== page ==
Richard Gonzales, director of interagency and special initiatives, Office of Child Care, Department of Health & Human Services/Administration for Children and Families (HHS/ACF)

Priscilla Hodge, operations and fiscal policy analyst, U.S. Department of Health and Human Services

Iheoma Iruka, founding director, Equity Research Action Coalition; faculty fellow, Frank Porter Graham Child Development Institute, University of North Carolina – Chapel Hill

Victoria Jones, senior director of data, National Head Start Association

Misty Moody, assistant commissioner of early learning, Tennessee Department of Education

Tony Ruggiero, education analyst, AEM Corporation

Michele Sarche, associate professor, Centers for American Indian and Alaska Native Health, Department of Community and Behavioral Health, University of Colorado

Mandy Sorge, executive director, National Association of State Leaders in Early Education

Cindia Velasco, director of constituency services – education, National Association of Latino Elected and Appointed Officials (NALEO)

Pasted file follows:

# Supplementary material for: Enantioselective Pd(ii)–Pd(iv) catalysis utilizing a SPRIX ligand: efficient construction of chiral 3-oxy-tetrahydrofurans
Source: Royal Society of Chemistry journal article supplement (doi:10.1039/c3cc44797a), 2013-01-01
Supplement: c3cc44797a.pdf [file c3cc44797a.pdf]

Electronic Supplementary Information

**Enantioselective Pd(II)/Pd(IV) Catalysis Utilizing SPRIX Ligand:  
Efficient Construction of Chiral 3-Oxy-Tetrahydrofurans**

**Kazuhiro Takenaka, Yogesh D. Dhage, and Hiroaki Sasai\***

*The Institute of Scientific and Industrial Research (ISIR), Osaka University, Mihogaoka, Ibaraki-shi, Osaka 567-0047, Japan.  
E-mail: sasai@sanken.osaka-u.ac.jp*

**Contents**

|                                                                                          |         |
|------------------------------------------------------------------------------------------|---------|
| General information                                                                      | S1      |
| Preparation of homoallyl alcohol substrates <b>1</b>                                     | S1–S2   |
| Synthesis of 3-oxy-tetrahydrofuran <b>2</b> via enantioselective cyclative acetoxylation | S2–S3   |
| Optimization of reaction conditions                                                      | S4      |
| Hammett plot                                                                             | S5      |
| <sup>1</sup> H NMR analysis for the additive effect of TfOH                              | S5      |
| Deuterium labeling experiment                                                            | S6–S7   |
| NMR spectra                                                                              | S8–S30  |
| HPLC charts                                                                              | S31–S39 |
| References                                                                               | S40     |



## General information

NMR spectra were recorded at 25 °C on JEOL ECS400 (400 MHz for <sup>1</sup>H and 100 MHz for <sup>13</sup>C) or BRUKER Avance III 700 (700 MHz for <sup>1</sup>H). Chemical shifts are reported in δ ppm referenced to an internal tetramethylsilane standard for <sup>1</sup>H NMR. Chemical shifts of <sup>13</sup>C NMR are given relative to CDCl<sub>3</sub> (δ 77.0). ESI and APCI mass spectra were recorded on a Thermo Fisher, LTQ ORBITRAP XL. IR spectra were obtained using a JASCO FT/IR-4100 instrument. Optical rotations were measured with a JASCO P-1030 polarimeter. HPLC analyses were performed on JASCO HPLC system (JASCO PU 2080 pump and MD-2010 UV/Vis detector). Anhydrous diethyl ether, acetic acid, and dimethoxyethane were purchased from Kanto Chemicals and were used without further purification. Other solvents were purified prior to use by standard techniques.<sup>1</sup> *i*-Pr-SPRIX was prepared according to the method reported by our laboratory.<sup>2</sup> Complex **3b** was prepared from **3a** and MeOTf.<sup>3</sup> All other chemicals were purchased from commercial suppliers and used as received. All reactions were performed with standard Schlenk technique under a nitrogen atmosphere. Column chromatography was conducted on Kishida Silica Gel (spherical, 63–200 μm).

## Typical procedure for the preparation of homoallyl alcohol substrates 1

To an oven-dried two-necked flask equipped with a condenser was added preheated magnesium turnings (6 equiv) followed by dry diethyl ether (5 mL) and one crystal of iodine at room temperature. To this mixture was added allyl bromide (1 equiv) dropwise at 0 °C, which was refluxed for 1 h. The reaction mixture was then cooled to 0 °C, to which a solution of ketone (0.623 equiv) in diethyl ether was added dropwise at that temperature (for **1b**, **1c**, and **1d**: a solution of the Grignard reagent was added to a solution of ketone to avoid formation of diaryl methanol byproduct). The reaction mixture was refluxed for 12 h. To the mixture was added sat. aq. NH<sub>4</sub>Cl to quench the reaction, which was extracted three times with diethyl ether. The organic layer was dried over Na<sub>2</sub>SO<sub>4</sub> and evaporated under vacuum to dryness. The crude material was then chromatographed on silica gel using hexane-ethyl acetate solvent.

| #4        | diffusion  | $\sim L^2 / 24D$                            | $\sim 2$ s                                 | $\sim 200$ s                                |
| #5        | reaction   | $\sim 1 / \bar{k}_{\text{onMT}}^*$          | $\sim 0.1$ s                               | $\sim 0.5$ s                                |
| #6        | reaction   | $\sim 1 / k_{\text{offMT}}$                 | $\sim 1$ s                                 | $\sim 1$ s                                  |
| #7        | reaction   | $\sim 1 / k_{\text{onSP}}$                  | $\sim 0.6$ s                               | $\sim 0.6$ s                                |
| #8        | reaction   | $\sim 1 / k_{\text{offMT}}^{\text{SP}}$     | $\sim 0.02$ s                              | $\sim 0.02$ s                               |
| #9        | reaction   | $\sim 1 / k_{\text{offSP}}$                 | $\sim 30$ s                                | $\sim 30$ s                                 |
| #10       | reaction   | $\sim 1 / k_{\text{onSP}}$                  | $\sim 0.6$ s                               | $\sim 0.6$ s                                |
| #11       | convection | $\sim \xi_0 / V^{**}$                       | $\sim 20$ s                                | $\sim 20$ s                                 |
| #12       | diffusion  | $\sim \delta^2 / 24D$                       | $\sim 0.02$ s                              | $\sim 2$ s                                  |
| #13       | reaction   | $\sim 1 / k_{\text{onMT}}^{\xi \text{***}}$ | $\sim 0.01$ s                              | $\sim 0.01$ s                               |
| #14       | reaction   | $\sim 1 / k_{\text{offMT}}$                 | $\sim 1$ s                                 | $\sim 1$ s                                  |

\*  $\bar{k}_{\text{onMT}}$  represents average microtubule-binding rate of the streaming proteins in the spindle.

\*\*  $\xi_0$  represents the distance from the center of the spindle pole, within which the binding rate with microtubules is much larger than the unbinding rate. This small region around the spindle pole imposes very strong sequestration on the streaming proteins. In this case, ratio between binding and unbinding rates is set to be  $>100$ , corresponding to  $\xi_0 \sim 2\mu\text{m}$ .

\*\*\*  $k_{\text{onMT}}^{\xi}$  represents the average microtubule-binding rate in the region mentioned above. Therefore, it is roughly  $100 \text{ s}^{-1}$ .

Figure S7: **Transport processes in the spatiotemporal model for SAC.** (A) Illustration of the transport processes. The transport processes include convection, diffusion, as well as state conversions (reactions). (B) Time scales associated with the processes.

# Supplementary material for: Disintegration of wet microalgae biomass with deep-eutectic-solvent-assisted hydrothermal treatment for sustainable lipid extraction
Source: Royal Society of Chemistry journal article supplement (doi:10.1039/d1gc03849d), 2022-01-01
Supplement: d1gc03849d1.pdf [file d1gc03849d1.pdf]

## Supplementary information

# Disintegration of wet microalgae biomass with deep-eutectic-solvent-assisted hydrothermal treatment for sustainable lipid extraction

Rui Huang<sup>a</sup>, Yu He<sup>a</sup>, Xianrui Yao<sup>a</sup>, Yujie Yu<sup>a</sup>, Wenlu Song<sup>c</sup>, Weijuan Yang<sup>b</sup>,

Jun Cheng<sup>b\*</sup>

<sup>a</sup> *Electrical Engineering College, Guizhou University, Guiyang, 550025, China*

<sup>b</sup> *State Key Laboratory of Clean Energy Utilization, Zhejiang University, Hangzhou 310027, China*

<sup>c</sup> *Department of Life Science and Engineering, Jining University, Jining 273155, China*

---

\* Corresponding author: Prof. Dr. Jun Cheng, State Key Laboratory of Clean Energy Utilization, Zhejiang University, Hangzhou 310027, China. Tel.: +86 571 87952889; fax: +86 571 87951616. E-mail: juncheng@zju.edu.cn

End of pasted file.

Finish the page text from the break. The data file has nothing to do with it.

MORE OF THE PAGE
Albert Wat, senior policy director, Alliance for Early Success

Christina Weiland, associate professor, School of Education, University of Michigan


Data Is a Key Resource in Developing Equitable Pre-K Systems

Pre-K Data on Children, Families, and Workforce Members from Focal Populations Can Help Decision Makers Create More Equitable Systems

A Data-driven Approach to Improve Preschool System Equity

Additional publications will be posted here throughout the project.


This project is funded by the Bill & Melinda Gates Foundation. The development of the Framework does not necessarily reflect positions or policies of the Bill & Melinda Gates Foundation.


Principal investigators: Dale Richards, Carlise King

Project director: Joy Thompson

Consortium and Framework development team: Van-Kim Bui Lin, Silvana Esposito Hackett, Ja’Chelle Ball, Shana Rochester

Data capacity survey team: Sara Amadon, Ja’Chelle Ball, Gabriella Guerra, Emily Maxfield, Katie Richards, Jing Tang, Kara Ulmen

Engagement and dissemination team: Elizabeth Jordan, Meg Bredeson, Kehinde Akande

Race equity lead: Porsche Boddicker-Young